THERE is a very good chance that by the time you are reading this, George Papandreou will have been forced to step down as Greek prime minister.
Papandreou may have gained the parliamentary confidence vote early on Saturday, but he was by no means in the clear when I wrote this yesterday.
Papandreou spent most of yesterday locked in crisis talks with his cabinet as senior Greek politicians, businessmen and lobbyists held discussions to identify candidates who would hold cabinet jobs in a national unity government. It is hoped they will launch a new €130bn rescue package, then take the country to elections early next year. While he has behaved recklessly at certain times during this crisis, I hold some sympathy for the man who has brought Europe to the brink and here are the reasons why.
•He threw his full weight behind austerity. Public sector wages are to be cut by 20-30pc Thousands of civil servants are to be sacked. Taxes on gas, cigarettes and alcohol will increase by one-third. Monthly pensions above €1,000 will be cut by 20-40pc. Health spending is to be cut by €310m by the end of this year and a further €1.8bn between 2012 and 2015. Education spending is to be trimmed through merg-ing or closing of 1,976 scho-ols. A "solidarity levy" of bet- ween 1pc and 5pc per house-hold is to be applied, which will be raised twice in 2012.
•With the entire eurozone teetering on the brink, his call for a referendum on the Greek bailout was also a statement that people as well as markets have rights. Papandreou raised the only real question; what do people think of the brutal austerity cure that will befall them? Greece is a democracy and it would have been the right thing for the people to be consulted.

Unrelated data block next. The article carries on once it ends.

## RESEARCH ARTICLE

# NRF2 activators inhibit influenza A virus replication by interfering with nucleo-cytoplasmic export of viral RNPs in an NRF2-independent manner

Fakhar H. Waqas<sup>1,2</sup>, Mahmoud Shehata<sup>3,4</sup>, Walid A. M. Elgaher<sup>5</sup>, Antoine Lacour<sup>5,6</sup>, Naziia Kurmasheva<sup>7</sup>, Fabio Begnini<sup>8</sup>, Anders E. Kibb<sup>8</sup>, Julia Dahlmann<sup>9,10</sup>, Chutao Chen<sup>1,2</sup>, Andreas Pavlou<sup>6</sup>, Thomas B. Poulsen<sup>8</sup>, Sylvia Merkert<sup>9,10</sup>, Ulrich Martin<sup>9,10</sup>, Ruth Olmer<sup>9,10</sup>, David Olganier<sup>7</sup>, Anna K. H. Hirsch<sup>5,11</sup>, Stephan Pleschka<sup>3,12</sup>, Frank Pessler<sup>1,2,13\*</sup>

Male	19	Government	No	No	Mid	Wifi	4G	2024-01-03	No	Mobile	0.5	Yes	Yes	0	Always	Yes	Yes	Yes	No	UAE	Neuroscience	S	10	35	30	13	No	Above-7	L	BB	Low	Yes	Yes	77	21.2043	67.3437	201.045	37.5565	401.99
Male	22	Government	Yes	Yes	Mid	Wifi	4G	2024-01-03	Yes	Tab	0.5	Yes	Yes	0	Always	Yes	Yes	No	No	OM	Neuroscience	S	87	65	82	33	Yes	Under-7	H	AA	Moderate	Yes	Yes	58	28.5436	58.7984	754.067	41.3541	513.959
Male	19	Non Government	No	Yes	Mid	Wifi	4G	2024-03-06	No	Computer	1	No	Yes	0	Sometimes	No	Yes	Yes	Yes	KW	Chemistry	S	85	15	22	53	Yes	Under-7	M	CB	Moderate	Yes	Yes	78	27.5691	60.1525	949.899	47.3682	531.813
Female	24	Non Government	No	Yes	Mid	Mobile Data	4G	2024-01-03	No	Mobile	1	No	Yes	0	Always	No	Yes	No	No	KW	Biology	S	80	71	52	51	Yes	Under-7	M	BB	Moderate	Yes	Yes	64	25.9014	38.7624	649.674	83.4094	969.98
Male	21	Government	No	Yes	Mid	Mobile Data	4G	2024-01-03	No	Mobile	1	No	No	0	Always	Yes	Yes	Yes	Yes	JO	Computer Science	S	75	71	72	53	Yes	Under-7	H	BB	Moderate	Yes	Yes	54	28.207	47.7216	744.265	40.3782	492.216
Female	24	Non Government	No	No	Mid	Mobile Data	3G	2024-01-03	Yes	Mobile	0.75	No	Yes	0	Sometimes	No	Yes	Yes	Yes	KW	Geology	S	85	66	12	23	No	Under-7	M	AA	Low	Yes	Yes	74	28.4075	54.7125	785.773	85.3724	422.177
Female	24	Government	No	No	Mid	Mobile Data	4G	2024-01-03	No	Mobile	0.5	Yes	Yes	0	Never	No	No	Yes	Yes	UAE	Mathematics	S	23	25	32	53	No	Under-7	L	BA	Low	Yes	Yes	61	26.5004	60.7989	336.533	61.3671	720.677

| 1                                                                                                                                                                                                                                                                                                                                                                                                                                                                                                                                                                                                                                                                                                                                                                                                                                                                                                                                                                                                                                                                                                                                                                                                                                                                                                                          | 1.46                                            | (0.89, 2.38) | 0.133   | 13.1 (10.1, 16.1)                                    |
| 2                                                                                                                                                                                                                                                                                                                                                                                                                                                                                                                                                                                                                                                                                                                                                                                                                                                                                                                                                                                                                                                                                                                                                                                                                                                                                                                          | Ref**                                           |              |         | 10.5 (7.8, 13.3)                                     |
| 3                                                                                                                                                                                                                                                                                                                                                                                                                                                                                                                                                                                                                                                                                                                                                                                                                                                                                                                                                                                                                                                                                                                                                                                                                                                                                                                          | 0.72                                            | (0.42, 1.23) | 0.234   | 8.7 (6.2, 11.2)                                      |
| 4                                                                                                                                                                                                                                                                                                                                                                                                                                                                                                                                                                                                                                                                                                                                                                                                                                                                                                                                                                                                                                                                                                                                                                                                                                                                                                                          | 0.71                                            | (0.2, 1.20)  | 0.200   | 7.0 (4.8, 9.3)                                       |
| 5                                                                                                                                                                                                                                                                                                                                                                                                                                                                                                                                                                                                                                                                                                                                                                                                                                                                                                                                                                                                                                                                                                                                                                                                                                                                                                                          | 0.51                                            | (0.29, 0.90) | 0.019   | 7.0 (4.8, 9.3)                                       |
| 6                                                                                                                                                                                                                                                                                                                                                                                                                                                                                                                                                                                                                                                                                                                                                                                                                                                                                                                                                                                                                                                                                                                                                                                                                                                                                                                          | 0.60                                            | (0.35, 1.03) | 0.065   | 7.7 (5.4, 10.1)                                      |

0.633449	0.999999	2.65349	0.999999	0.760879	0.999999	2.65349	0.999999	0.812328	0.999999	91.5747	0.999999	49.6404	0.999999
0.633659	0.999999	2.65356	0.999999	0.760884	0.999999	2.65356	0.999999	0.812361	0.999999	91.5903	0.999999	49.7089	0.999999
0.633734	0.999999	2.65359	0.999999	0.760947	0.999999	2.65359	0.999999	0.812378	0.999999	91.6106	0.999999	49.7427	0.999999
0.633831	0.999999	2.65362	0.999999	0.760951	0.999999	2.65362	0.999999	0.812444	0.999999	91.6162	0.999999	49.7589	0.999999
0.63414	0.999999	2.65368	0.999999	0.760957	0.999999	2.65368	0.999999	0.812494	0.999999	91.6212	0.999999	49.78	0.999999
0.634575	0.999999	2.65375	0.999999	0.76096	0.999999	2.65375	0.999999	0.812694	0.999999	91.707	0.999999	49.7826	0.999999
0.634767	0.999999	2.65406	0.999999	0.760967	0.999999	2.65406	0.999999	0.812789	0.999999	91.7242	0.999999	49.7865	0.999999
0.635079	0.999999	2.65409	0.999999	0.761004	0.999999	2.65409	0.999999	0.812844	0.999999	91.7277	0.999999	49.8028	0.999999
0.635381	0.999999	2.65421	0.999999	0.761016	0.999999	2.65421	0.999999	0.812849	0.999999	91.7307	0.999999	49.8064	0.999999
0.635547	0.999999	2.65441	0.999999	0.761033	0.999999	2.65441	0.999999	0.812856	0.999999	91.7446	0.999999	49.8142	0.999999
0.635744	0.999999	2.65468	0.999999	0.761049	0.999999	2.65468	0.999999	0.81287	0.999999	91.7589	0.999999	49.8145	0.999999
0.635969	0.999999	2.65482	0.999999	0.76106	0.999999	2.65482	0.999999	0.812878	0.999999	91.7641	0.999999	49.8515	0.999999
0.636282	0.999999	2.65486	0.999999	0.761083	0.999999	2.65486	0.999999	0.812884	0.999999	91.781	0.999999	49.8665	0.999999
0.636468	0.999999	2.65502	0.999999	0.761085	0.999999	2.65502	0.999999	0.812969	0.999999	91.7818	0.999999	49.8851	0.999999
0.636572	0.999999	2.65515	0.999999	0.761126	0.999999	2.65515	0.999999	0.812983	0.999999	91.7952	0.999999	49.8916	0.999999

•Some sources fear that if the Greek prime minister -- whoever that may be over the coming months -- tries to force through the bailout without a clear mandate, then Greece may become ungovernable. Papandreou appeared to be acutely aware of this.
•He is honest. When he was finally elected, he was open about the problems he inherited from his predecessors. He told the rest of the EU that the Greek deficit was twice as high as previously reported, that the country's finances were a mess and corruption was widespread.
•He inherited this mess. He did not create it.
l His sang froid. The man has style. Despite the most outrageous pressure he still manages to look comfortable in his skin, relaxed and in charge. There is something deeply admirable about a leader who can smile despite all the slings and arrows.
•Papandreou is a liberal who has helped a lot of minorities including Muslims and Jews. He introduced affirmative action to help Muslims and has won awards for fighting anti-Semitism.
•He has had the courage to moderate his father's hard-core anti-Turkish policy which had destabilised the entire region.
•He has felt fear and oppression unlike most politicians. Barely a teenager, he felt the cold muzzle of a pistol being placed at his temple when the secret police, in hot pursuit of his father, stormed the family home in Athens within hours of the 1967 Colonels' coup.
• Angela Merkel, who can barely stand the sight of Nicolas Sarkozy, is for once in full agreement with the French president -- they both believe that the Greeks were particularly ungracious towards German and French taxpayers who will have to fund most of the bailout. But for 48 hours last week, Papandreou finally made Sarkozy and Merkel focus on the crisis. Everybody else has failed to make them to that until now.
The European Comm-ission, the other member states -- they all failed to really engage until last Monday. Whatever happens next, Papandreou has done Europe some service by placing the question of democratic legitimacy back on the table and attempting to narrow Europe's democratic deficit along with the Greek fiscal deficit.